Pupils begin to develop an analytical approach to language generally, including an awareness of the relationship between Latin and the languages of today. They do so in the context of learning about ordinary human beings living in a very different time and place, but with much that is recognisable to us. 

Greek is introduced alongside Latin for the most able linguists in Lower Grammar (Year 9), further enhancing linguistic, analytical and communication skills and providing a rare opportunity for intellectual enrichment. 

GCSE (Years 10 & 11)

Language skills and reading of stories based on classical history, culture and mythology continue seamlessly from KS3 to KS4. 

There is one language paper at GCSE, comprising 50% of the total; this tests translation and comprehension skills from Latin / Greek into English.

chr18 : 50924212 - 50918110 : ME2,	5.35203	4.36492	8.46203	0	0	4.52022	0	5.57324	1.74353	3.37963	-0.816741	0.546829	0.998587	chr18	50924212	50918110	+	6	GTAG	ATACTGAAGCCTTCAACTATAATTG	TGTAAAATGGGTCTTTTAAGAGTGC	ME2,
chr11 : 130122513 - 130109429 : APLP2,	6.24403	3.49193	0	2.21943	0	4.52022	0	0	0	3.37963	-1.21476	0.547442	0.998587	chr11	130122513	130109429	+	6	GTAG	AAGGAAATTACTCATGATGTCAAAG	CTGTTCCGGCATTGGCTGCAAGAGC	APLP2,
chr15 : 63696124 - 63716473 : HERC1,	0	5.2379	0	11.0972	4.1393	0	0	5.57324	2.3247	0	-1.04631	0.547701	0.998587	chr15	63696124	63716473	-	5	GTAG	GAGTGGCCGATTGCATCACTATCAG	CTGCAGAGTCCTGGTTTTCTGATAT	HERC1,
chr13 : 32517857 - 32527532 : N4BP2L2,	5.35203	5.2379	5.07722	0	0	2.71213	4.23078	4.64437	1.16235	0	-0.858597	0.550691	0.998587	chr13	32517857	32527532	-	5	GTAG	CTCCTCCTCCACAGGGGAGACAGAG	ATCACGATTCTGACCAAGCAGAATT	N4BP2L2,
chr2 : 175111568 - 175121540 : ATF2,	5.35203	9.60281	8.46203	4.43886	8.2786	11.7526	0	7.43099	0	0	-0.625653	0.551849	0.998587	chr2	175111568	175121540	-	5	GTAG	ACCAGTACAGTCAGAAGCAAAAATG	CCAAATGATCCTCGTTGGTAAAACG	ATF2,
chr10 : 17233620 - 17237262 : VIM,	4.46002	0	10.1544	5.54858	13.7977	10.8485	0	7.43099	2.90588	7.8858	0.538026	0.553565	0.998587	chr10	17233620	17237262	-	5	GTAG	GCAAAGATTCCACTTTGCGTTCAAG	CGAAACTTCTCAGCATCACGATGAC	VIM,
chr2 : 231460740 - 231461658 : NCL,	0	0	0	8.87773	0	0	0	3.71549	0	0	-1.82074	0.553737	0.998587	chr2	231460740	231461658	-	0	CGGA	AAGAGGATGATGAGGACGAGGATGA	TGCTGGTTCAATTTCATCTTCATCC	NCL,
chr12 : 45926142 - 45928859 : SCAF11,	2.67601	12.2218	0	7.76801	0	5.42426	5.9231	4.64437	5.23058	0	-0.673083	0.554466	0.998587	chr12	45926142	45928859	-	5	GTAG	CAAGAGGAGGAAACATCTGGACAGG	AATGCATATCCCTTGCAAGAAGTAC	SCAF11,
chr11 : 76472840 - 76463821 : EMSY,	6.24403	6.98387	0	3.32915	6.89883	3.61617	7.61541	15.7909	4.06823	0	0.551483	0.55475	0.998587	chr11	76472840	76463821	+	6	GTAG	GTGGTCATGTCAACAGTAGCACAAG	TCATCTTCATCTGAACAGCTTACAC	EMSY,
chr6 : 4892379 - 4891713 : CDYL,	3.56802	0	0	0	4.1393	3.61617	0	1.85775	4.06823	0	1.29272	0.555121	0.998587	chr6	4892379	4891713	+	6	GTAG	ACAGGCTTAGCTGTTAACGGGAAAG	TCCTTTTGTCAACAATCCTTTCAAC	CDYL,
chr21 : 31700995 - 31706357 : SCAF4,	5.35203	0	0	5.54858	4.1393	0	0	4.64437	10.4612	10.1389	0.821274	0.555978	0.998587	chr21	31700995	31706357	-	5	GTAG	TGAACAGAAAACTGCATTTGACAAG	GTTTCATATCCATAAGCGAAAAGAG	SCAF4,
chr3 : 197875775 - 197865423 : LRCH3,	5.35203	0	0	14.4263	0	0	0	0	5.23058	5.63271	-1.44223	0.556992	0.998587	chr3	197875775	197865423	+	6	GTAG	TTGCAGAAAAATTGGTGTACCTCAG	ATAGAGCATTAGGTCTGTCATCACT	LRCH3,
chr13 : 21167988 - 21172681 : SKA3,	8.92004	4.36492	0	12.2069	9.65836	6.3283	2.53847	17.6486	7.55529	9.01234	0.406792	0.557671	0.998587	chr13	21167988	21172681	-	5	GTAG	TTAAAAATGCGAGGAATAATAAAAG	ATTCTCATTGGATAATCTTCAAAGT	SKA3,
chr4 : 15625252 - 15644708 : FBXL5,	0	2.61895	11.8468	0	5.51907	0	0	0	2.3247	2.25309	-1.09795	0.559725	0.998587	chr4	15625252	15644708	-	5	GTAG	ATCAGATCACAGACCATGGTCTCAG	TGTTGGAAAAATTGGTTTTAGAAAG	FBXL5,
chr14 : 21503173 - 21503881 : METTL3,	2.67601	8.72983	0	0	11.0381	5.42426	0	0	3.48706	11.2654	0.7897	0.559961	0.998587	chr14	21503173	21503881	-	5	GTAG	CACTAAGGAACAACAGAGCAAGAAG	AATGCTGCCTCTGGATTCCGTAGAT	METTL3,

Classical languages are unique at this level in introducing pupils to unadapted literature from celebrated authors such as Ovid, Cicero, Virgil, Herodotus, and Homer. Two papers test knowledge and literary appreciation of selections from prose and verse authors, prepared in advance. The majority of the Syntax year is devoted to preparation of these texts which in recent years have included an eye witness account of the eruption of Vesuvius, stories about the childhood of Persian kings and scenes from the Aeneid or Odyssey.. 

GCSE Latin 
The specification followed is WJEC EDUQAS.

  • Language paper:  1 hour 30 minutes (50% of the total GCSE). 
  • Latin Literature and Sources: 1 hour 15 minutes (30% of the total GCSE). This is an open-book assessment (the Latin text plus vocabulary are provided). 
  • Latin Literature themes: 45 minutes (20% of the total GCSE). 

Read more about this course here.

GCSE Greek 

The specification followed is OCR.

  • Language paper: 1 hour 30 minutes (50% of the total GCSE). 
  • 2 literature papers (1 prose author and 1 verse author): 1 hour exam (each component is worth 25% of the total GCSE). 

Read more about this course here.